360 tonne 'mistake' will never happen again, says SDRC
RESIDENTS fought to have their voices heard during a heated community meeting at the Killarney Senior Citizen centre last night.
Cars lined the streets, people filled the seats and hands shot in the air in a strong demonstration of how much Killarney cares about the future of its local environment.
Southern Downs Regional Council convened the meeting to discuss their "mistakes" in dumping asphalt into the Condamine River Rd crossings and seek feedback on how to move forward.
Council water manager Seren McKenzie told the crowd council staff acknowledged they should not have dumped 3900 tonnes of foreign material into the Cambanoora Gorge after the council told the community no works would go ahead on the crossings without further consultation.
"We are all aware of the correct process in the future," she said.
"It won't happen again."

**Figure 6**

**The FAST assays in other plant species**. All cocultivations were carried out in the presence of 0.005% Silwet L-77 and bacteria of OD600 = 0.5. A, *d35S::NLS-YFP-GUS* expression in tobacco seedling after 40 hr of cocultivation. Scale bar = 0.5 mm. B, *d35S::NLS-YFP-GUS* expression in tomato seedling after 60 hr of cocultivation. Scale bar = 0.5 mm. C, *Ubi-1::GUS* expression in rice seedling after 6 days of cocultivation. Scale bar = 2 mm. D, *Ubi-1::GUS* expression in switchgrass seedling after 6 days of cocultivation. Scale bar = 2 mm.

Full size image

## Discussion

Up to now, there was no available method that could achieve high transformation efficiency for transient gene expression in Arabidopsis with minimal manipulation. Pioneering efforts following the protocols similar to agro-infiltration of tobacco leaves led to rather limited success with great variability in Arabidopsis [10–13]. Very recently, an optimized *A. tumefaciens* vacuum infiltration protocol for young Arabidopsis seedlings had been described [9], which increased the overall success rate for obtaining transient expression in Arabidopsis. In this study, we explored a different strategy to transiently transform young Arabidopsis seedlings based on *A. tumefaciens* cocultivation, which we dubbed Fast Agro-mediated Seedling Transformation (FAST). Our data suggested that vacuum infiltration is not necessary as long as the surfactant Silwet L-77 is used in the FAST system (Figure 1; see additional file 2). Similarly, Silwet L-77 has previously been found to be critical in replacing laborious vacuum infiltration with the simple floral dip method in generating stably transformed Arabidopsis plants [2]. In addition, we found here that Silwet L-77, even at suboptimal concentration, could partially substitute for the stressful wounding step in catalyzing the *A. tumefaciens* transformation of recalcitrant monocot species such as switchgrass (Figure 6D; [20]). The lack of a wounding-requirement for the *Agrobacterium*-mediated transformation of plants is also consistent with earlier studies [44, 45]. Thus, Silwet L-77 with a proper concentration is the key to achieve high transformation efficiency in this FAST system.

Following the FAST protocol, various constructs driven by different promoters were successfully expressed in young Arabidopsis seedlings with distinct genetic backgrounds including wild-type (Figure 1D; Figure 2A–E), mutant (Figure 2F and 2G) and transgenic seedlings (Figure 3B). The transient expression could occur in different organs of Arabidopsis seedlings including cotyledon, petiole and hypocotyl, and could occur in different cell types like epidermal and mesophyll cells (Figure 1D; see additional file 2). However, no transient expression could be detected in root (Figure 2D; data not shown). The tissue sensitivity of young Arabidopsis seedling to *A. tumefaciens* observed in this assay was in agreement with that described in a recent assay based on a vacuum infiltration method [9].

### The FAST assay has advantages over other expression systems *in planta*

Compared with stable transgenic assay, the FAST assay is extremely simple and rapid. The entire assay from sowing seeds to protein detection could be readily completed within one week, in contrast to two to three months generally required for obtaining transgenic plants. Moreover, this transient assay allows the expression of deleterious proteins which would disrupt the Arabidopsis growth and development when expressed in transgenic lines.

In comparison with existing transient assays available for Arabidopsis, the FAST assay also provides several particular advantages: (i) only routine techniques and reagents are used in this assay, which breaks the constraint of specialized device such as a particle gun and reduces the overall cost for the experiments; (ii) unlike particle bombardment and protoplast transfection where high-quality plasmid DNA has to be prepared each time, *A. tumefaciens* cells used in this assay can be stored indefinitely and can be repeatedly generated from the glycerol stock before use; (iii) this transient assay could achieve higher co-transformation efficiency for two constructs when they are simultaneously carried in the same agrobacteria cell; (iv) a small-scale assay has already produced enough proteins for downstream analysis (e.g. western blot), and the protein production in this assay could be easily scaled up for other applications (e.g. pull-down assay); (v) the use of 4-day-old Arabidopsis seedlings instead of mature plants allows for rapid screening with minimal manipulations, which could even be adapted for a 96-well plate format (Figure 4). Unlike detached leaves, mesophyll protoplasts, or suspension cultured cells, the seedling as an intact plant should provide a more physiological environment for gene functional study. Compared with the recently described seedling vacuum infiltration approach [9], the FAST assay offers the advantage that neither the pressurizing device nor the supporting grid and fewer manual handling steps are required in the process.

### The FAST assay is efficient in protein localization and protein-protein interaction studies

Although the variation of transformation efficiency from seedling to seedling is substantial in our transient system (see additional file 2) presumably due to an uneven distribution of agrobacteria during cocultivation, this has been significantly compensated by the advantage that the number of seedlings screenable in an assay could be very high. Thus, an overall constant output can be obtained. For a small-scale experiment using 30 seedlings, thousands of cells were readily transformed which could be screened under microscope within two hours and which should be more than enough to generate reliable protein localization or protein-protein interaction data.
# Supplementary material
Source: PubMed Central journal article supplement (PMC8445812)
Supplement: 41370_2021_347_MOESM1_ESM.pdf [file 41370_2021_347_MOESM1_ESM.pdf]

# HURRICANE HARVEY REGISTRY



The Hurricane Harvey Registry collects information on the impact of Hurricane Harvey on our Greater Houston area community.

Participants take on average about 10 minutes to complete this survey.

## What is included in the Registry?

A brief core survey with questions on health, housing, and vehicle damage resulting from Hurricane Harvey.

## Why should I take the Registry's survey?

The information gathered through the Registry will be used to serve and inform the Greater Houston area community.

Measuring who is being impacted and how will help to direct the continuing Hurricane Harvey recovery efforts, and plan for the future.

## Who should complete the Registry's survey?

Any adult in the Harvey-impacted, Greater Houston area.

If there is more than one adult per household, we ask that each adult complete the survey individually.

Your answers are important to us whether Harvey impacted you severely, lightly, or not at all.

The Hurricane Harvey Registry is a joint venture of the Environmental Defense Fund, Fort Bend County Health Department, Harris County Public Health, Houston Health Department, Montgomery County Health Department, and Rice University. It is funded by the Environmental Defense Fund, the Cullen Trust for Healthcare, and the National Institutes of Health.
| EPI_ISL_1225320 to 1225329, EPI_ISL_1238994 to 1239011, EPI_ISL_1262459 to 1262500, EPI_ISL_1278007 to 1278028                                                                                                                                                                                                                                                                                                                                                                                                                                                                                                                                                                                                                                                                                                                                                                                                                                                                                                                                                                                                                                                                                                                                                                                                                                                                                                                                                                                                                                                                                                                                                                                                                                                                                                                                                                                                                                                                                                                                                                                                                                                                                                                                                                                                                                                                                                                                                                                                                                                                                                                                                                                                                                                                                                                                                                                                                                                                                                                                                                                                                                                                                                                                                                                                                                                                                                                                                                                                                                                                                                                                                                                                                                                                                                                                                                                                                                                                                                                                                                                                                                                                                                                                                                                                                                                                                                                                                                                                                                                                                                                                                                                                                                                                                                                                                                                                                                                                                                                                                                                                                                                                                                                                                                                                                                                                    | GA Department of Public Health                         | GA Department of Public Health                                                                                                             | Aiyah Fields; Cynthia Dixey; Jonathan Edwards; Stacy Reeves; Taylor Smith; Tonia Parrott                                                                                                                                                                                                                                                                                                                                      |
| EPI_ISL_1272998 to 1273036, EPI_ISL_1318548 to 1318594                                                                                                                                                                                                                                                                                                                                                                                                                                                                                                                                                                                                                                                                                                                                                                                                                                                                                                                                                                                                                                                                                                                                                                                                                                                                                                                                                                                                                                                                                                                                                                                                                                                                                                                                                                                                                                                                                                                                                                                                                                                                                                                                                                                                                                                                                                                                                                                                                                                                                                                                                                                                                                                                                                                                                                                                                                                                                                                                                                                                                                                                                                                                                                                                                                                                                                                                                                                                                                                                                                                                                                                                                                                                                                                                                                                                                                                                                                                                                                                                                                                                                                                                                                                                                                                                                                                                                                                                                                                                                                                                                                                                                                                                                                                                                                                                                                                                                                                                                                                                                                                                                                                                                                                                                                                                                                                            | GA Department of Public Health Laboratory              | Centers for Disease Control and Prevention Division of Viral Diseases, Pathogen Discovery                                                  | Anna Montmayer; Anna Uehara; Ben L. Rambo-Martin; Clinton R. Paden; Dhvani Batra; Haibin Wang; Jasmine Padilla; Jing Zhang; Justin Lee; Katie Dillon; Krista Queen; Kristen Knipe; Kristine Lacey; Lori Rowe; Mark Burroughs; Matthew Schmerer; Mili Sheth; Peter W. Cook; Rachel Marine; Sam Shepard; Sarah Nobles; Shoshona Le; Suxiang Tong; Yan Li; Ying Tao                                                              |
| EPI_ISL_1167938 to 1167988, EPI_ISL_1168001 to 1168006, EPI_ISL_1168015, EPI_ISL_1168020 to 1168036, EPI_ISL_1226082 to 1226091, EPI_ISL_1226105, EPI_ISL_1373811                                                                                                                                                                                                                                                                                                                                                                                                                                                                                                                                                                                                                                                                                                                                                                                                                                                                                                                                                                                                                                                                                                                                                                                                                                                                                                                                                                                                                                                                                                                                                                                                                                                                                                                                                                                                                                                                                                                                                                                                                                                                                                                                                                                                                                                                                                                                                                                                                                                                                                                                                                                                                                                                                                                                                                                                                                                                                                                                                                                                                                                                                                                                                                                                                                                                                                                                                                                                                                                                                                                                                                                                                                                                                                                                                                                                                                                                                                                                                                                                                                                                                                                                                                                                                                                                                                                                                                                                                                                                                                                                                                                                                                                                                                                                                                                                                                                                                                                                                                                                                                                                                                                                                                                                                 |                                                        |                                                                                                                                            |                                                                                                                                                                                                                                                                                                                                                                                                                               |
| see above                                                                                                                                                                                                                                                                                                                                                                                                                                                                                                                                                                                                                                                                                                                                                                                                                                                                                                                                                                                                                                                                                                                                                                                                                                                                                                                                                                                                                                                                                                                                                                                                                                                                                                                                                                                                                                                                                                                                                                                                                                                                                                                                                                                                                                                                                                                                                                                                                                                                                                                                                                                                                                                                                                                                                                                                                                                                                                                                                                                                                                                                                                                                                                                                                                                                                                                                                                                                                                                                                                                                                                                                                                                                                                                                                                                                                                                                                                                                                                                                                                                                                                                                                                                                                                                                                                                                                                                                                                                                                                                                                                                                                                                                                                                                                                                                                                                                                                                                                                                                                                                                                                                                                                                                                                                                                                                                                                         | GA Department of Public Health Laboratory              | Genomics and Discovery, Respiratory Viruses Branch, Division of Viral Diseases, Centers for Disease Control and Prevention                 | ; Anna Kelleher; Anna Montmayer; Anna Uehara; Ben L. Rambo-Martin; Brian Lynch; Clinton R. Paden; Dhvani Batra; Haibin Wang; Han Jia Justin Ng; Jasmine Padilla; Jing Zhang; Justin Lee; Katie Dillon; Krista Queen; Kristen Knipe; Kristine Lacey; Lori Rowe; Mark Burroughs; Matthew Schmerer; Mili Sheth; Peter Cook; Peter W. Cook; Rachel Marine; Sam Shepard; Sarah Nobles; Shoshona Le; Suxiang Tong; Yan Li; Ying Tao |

The damage, however, may already be done.
Much of the asphalt dumped into the river came from torn up, 20 year old bitumen on Albion St in Warwick.
A council staffer said the chunks of bitumen were chosen because they had long-oxidised and posed no threat to the local environment.
Resident Peter Kemp questioned the assertion, stating he'd handled pieces that clearly contained a petroleum product.
"Who did the safety evaluation?" Mr Kemp asked.
"I want to see your test results."
The staffer then stated some bitumen may have entered the mix that had not yet oxidised, from portions of the road where potholes had been filled over the years.
A representative from the State Department of Natural Resources said they authorised the sediment to enter the crossings as it was under 15 cubic metres, under the exemption guidelines, but did not control what the sediment contained.
Despite the potential impact, the staff member said removing the dumped product was out of the question as that process "may do more harm than good".
The issue exacerbated the distrust between the Killarney community and council, with resident Tony Pearson taking control of the mic to express his frustration.
"We don't feel like we have a say," Mr Pearson said.
"When we come to these meetings and spend our time telling you what we want, we expect to see some action.
"Instead we were ignored totally in the process."